If there was an off-note to his speech, it belonged to his son, Sen. Rand Paul (R-KY). The younger Paul, standing behind his father during the speech, appeared downright glum. He seemed to know that even though his father wasn’t saying it, their best chance to win the nomination disappeared tonight.

Newt Gingrich couldn't hide his anger after the Iowa caucus

NEWT GINGRICH (4th Place): Just five weeks ago, Speaker Gingrich said, “I’m going to be the nominee…the odds are very high I’m going to be the nominee.” He looked like he was having a blast back then. Not anymore.

If there’s one word to describe how Speaker Gingrich came across tonight, it’s this: pissed.  He  emanated anger, directed at Mitt Romney, for the negative ads run against his campaign. He went so far as to suggest that the negative ads against him were not worthy of the sacrifices of American men and women in combat. He then proceeded to unequivocally slam Mitt Romney’s leadership as the governor of Massachusetts.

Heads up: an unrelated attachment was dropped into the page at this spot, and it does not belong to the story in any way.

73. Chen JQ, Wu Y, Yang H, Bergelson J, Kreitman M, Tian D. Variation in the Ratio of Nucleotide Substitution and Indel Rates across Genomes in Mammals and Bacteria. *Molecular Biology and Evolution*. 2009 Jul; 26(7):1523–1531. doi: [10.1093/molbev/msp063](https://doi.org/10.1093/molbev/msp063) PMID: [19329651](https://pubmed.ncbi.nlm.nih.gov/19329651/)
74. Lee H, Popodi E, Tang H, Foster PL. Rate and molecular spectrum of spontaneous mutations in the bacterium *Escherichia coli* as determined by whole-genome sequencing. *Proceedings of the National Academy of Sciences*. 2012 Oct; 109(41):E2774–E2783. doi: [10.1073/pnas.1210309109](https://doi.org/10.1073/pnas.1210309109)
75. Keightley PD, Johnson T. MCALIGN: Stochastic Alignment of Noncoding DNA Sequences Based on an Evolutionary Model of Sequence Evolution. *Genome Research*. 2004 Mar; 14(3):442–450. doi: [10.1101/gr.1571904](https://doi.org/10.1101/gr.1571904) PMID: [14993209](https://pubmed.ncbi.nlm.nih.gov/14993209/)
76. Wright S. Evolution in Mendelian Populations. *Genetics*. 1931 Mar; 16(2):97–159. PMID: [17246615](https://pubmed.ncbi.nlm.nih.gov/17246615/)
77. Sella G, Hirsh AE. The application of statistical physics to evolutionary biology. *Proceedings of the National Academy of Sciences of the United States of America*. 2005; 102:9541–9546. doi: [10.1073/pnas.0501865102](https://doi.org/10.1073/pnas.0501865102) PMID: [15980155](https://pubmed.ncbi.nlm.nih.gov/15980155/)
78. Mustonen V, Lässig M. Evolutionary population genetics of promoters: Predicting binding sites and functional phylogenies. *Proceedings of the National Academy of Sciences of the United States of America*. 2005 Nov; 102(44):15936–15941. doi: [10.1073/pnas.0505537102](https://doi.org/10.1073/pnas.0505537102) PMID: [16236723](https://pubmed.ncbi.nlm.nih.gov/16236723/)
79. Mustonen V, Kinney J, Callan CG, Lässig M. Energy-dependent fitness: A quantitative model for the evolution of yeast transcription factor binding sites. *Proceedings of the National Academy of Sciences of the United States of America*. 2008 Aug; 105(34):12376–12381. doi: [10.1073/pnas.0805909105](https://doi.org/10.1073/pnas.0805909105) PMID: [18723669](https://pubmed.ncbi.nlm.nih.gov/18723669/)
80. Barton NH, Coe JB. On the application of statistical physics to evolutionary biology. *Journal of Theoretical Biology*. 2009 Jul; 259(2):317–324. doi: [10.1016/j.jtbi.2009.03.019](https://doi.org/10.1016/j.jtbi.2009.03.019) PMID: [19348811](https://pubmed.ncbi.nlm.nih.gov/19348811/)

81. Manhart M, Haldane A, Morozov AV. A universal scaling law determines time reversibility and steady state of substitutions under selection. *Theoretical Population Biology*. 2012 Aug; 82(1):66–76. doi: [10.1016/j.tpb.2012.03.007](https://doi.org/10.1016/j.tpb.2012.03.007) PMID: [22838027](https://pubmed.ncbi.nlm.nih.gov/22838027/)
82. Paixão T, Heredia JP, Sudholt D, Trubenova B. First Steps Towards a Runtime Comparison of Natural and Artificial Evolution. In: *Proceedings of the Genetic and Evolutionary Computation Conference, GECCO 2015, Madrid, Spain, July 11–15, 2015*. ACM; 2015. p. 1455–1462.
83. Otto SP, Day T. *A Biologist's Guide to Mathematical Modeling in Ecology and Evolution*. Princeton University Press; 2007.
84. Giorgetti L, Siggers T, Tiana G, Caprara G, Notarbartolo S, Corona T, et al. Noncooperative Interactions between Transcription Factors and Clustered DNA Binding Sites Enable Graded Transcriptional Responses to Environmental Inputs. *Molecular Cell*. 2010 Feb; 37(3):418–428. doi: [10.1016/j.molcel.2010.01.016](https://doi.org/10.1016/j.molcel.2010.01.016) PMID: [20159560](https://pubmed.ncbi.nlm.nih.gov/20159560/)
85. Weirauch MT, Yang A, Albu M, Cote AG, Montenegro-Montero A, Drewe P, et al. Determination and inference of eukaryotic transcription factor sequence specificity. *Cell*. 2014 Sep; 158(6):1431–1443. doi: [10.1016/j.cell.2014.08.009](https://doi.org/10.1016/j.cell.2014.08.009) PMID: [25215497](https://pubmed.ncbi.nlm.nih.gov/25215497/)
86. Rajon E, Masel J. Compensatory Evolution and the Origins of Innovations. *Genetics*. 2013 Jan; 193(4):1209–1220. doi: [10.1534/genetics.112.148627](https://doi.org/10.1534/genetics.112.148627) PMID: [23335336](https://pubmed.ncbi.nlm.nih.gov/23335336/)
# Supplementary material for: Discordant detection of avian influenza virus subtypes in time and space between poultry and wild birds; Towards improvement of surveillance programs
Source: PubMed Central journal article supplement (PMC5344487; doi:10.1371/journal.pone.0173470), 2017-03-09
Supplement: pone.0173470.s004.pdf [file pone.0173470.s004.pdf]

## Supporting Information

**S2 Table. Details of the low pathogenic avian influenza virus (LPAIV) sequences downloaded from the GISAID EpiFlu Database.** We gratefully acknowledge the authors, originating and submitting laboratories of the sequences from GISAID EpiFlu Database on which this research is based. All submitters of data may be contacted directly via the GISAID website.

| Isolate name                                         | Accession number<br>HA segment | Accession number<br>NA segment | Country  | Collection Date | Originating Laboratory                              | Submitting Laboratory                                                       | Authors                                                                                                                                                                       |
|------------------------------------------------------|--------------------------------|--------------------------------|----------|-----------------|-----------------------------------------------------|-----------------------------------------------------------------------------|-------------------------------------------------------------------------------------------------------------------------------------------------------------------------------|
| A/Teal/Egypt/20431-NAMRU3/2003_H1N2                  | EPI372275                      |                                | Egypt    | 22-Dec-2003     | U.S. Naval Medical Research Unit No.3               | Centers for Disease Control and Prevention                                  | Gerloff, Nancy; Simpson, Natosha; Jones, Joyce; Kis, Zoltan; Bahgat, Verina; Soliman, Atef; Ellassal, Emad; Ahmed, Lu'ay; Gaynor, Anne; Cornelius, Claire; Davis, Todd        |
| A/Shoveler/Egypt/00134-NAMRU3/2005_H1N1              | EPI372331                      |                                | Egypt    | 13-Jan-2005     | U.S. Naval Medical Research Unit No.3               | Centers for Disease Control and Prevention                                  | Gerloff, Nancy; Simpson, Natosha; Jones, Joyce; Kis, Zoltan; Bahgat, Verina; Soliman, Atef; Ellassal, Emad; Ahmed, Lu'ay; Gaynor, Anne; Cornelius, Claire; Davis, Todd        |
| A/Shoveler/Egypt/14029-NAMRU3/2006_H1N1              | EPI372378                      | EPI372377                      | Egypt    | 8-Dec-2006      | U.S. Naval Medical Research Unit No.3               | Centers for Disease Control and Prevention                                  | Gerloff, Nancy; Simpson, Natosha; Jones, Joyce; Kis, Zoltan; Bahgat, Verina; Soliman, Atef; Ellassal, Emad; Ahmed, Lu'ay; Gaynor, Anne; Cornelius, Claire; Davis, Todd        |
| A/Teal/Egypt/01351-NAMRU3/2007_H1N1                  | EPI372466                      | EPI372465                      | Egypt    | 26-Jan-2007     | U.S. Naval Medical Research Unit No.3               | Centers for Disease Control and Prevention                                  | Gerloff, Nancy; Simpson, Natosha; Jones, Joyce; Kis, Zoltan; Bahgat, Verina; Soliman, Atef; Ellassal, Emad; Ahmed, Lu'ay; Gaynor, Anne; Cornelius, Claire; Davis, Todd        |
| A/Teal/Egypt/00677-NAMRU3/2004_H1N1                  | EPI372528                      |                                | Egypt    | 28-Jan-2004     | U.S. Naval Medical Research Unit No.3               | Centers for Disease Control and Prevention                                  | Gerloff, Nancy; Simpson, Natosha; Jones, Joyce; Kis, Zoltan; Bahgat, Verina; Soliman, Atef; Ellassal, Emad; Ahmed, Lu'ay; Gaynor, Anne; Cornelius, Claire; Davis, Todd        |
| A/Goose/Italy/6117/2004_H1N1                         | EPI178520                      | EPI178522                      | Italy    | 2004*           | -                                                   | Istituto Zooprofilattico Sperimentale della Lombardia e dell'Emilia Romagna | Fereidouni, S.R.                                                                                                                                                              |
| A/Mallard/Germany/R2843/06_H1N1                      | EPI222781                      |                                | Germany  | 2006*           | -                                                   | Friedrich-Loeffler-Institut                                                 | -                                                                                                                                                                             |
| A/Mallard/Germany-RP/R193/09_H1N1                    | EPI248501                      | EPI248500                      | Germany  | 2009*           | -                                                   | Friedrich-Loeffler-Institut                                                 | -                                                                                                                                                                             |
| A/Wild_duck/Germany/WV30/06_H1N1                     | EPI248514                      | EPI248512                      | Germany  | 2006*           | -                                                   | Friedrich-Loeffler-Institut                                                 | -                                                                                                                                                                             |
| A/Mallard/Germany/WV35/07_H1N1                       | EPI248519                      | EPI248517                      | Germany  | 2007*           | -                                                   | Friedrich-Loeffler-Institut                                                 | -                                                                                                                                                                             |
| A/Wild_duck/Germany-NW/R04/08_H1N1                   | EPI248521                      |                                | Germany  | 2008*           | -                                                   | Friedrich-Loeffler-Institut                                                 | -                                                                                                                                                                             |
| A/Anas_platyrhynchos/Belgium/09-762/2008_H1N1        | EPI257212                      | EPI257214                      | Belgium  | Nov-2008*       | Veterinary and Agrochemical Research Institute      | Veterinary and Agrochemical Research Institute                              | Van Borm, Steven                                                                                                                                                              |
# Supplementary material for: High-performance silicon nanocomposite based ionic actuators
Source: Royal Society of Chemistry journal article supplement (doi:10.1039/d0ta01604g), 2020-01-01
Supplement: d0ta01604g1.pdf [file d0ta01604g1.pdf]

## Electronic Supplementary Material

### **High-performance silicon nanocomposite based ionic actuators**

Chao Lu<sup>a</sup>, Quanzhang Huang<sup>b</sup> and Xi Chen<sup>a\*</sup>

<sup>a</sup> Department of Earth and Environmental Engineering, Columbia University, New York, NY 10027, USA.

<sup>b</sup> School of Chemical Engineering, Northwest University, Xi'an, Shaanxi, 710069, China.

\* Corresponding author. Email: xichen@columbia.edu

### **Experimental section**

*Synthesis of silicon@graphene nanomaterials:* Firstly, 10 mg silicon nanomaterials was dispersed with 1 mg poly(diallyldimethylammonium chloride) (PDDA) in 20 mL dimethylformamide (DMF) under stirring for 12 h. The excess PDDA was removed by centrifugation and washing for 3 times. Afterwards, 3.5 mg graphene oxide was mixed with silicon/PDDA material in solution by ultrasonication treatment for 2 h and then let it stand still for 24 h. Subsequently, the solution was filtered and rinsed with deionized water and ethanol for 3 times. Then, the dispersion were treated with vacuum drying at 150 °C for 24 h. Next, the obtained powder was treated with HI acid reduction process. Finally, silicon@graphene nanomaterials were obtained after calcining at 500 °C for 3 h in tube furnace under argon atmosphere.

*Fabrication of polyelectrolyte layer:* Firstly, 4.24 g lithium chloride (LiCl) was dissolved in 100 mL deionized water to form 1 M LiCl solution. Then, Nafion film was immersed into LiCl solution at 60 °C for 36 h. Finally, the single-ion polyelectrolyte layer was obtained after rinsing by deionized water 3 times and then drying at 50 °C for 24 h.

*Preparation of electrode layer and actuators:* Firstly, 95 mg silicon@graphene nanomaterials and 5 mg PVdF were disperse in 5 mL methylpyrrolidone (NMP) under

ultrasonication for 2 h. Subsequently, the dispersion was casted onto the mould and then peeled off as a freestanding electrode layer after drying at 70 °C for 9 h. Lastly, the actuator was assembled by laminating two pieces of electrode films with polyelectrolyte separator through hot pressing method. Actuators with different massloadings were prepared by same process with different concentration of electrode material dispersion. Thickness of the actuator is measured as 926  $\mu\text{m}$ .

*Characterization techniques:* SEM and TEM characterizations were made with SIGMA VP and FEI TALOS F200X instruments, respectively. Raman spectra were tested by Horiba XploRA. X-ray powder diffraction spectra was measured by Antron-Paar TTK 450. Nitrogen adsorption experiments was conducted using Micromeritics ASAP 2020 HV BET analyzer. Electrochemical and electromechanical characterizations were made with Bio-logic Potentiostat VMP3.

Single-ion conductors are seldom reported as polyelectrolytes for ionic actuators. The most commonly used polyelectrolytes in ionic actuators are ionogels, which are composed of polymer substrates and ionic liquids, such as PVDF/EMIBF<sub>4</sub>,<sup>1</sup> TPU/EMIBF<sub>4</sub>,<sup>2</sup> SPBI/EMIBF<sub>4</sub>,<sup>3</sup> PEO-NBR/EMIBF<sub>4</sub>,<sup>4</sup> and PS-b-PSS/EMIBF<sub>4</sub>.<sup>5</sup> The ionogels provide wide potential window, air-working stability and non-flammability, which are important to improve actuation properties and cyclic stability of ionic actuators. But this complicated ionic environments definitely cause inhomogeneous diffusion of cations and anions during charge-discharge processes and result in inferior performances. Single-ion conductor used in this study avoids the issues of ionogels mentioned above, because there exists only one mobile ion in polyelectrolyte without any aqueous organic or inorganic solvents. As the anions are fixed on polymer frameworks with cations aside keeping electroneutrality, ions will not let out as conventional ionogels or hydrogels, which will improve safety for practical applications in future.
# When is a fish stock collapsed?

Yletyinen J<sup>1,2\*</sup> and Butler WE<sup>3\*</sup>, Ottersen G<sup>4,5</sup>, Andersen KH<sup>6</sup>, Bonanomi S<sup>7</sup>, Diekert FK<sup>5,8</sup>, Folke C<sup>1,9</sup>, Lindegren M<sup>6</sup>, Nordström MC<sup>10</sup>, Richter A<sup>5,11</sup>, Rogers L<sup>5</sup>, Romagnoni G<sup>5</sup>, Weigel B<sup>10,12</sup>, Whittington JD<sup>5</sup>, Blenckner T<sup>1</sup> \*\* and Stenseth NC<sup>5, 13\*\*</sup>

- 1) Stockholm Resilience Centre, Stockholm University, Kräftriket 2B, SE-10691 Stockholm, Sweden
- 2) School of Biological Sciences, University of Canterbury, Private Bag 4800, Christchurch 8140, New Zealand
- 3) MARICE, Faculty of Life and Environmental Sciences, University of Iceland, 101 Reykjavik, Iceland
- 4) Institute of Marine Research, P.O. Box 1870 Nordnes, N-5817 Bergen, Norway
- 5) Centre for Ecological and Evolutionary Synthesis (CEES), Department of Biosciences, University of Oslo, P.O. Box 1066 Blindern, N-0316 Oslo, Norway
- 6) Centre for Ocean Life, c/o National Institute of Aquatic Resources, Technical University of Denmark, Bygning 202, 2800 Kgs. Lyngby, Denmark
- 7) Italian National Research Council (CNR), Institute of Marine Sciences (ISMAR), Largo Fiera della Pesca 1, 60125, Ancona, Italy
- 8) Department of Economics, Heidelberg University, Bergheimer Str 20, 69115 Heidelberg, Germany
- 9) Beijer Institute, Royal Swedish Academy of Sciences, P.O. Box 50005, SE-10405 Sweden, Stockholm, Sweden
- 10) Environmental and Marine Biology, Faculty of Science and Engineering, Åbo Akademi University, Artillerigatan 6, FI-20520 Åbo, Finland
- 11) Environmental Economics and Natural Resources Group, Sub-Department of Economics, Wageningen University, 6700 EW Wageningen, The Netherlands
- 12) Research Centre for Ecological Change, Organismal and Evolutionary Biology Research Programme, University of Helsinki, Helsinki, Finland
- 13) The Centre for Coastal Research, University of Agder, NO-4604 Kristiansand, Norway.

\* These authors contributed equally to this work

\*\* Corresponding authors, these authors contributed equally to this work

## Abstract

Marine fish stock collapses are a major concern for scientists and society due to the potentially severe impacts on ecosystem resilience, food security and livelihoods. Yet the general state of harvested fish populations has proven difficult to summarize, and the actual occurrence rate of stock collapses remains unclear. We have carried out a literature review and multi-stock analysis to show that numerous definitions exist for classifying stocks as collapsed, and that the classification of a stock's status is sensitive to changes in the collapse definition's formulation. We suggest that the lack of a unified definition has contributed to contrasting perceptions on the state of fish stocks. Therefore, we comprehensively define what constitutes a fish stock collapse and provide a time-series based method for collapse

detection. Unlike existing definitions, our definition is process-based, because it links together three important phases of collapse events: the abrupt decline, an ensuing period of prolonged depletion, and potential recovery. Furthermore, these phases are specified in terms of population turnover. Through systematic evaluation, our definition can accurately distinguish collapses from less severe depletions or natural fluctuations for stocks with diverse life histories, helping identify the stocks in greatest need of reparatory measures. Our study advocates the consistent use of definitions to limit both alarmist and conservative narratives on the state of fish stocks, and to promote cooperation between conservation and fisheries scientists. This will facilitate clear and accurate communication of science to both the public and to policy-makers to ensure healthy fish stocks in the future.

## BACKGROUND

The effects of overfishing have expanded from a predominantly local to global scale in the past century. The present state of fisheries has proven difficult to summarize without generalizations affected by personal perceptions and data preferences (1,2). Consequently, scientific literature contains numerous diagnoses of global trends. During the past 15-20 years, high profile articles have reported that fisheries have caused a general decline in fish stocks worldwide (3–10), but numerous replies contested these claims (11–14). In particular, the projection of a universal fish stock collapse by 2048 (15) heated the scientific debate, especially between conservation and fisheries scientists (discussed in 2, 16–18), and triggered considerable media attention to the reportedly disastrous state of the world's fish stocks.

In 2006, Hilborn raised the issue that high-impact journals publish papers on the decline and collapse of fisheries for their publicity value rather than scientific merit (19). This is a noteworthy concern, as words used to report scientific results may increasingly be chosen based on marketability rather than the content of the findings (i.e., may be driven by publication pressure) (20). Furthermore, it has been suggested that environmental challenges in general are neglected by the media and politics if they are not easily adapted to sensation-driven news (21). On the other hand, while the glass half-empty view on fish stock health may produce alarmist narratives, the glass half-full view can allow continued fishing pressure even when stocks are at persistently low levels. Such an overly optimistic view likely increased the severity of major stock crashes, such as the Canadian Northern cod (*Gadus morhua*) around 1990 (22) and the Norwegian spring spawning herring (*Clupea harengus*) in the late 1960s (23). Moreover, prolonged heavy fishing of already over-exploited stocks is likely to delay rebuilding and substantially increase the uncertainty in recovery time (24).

Americans do not elect angry candidates. Just ask Pat Buchanan or Howard Dean. If Gingrich can’t get a grip on his temper and radiate some optimism again, he’s going to implode before he ever makes it to South Carolina.

RICK PERRY (5th Place): Rick Perry cried when reading a note that called him a “great man.” No wonder. Three minutes later, he said he was going back to Texas to reassess his campaign (code for “I’m dropping out.”)

I’ve never seen a candidate give his pre-dropping out speech by struggling to read a handwritten note out loud. He stumbled over the words like a barely literate man who had to focus intently on the phonetics (I’m guessing the letter had sloppy handwriting, but Gov. Perry can’t afford reinforcing the narrative of his “limited” intellect). It served as a perfect closing metaphor for his inept campaign.